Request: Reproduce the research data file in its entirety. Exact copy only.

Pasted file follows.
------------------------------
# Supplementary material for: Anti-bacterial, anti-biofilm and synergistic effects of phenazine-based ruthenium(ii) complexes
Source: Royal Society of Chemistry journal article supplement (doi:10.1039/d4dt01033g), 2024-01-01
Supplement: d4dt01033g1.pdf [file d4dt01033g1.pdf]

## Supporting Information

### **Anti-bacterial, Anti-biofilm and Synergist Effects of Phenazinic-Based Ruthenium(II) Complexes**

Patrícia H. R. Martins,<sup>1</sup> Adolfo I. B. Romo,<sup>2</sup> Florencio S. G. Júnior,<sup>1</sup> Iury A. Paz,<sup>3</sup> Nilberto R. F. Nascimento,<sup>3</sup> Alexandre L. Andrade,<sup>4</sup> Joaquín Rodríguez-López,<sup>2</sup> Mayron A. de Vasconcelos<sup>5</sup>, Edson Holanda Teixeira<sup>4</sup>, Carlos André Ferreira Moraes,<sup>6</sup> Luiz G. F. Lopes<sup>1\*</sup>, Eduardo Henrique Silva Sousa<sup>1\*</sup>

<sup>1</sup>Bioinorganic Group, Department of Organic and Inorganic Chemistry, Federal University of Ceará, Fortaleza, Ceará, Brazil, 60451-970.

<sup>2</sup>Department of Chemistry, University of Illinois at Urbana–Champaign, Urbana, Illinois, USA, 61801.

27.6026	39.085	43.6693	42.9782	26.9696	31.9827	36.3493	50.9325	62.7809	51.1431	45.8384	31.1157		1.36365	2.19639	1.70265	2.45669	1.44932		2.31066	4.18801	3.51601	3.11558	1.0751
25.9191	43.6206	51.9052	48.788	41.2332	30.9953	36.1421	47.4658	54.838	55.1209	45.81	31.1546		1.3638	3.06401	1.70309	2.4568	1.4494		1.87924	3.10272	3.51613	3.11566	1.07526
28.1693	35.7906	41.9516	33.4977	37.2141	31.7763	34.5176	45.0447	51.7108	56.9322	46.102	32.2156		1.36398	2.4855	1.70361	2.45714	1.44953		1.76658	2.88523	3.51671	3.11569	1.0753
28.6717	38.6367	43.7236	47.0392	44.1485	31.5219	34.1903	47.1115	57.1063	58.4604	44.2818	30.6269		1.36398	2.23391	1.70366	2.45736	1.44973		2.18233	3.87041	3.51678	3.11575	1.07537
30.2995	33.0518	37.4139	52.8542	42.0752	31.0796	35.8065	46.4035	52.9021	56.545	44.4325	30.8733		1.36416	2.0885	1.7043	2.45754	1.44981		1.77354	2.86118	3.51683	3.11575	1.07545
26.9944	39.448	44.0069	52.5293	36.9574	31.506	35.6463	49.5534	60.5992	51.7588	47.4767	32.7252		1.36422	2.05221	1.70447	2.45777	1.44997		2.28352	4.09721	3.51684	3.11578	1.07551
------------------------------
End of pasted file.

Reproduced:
# Supplementary material for: Anti-bacterial, anti-biofilm and synergistic effects of phenazine-based ruthenium(ii) complexes
Source: Royal Society of Chemistry journal article supplement (doi:10.1039/d4dt01033g), 2024-01-01
Supplement: d4dt01033g1.pdf [file d4dt01033g1.pdf]

## Supporting Information

### **Anti-bacterial, Anti-biofilm and Synergist Effects of Phenazinic-Based Ruthenium(II) Complexes**

Patrícia H. R. Martins,<sup>1</sup> Adolfo I. B. Romo,<sup>2</sup> Florencio S. G. Júnior,<sup>1</sup> Iury A. Paz,<sup>3</sup> Nilberto R. F. Nascimento,<sup>3</sup> Alexandre L. Andrade,<sup>4</sup> Joaquín Rodríguez-López,<sup>2</sup> Mayron A. de Vasconcelos<sup>5</sup>, Edson Holanda Teixeira<sup>4</sup>, Carlos André Ferreira Moraes,<sup>6</sup> Luiz G. F. Lopes<sup>1\*</sup>, Eduardo Henrique Silva Sousa<sup>1\*</sup>

<sup>1</sup>Bioinorganic Group, Department of Organic and Inorganic Chemistry, Federal University of Ceará, Fortaleza, Ceará, Brazil, 60451-970.

<sup>2</sup>Department of Chemistry, University of Illinois at Urbana–Champaign, Urbana, Illinois, USA, 61801.

27.6026	39.085	43.6693	42.9782	26.9696	31.9827	36.3493	50.9325	62.7809	51.1431	45.8384	31.1157		1.36365	2.19639	1.70265	2.45669	1.44932		2.31066	4.18801	3.51601	3.11558	1.0751
25.9191	43.6206	51.9052	48.788	41.2332	30.9953	36.1421	47.4658	54.838	55.1209	45.81	31.1546		1.3638	3.06401	1.70309	2.4568	1.4494		1.87924	3.10272	3.51613	3.11566	1.07526
28.1693	35.7906	41.9516	33.4977	37.2141	31.7763	34.5176	45.0447	51.7108	56.9322	46.102	32.2156		1.36398	2.4855	1.70361	2.45714	1.44953		1.76658	2.88523	3.51671	3.11569	1.0753
28.6717	38.6367	43.7236	47.0392	44.1485	31.5219	34.1903	47.1115	57.1063	58.4604	44.2818	30.6269		1.36398	2.23391	1.70366	2.45736	1.44973		2.18233	3.87041	3.51678	3.11575	1.07537
30.2995	33.0518	37.4139	52.8542	42.0752	31.0796	35.8065	46.4035	52.9021	56.545	44.4325	30.8733		1.36416	2.0885	1.7043	2.45754	1.44981		1.77354	2.86118	3.51683	3.11575	1.07545
26.9944	39.448	44.0069	52.5293	36.9574	31.506	35.6463	49.5534	60.5992	51.7588	47.4767	32.7252		1.36422	2.05221	1.70447	2.45777	1.44997		2.28352	4.09721	3.51684	3.11578	1.07551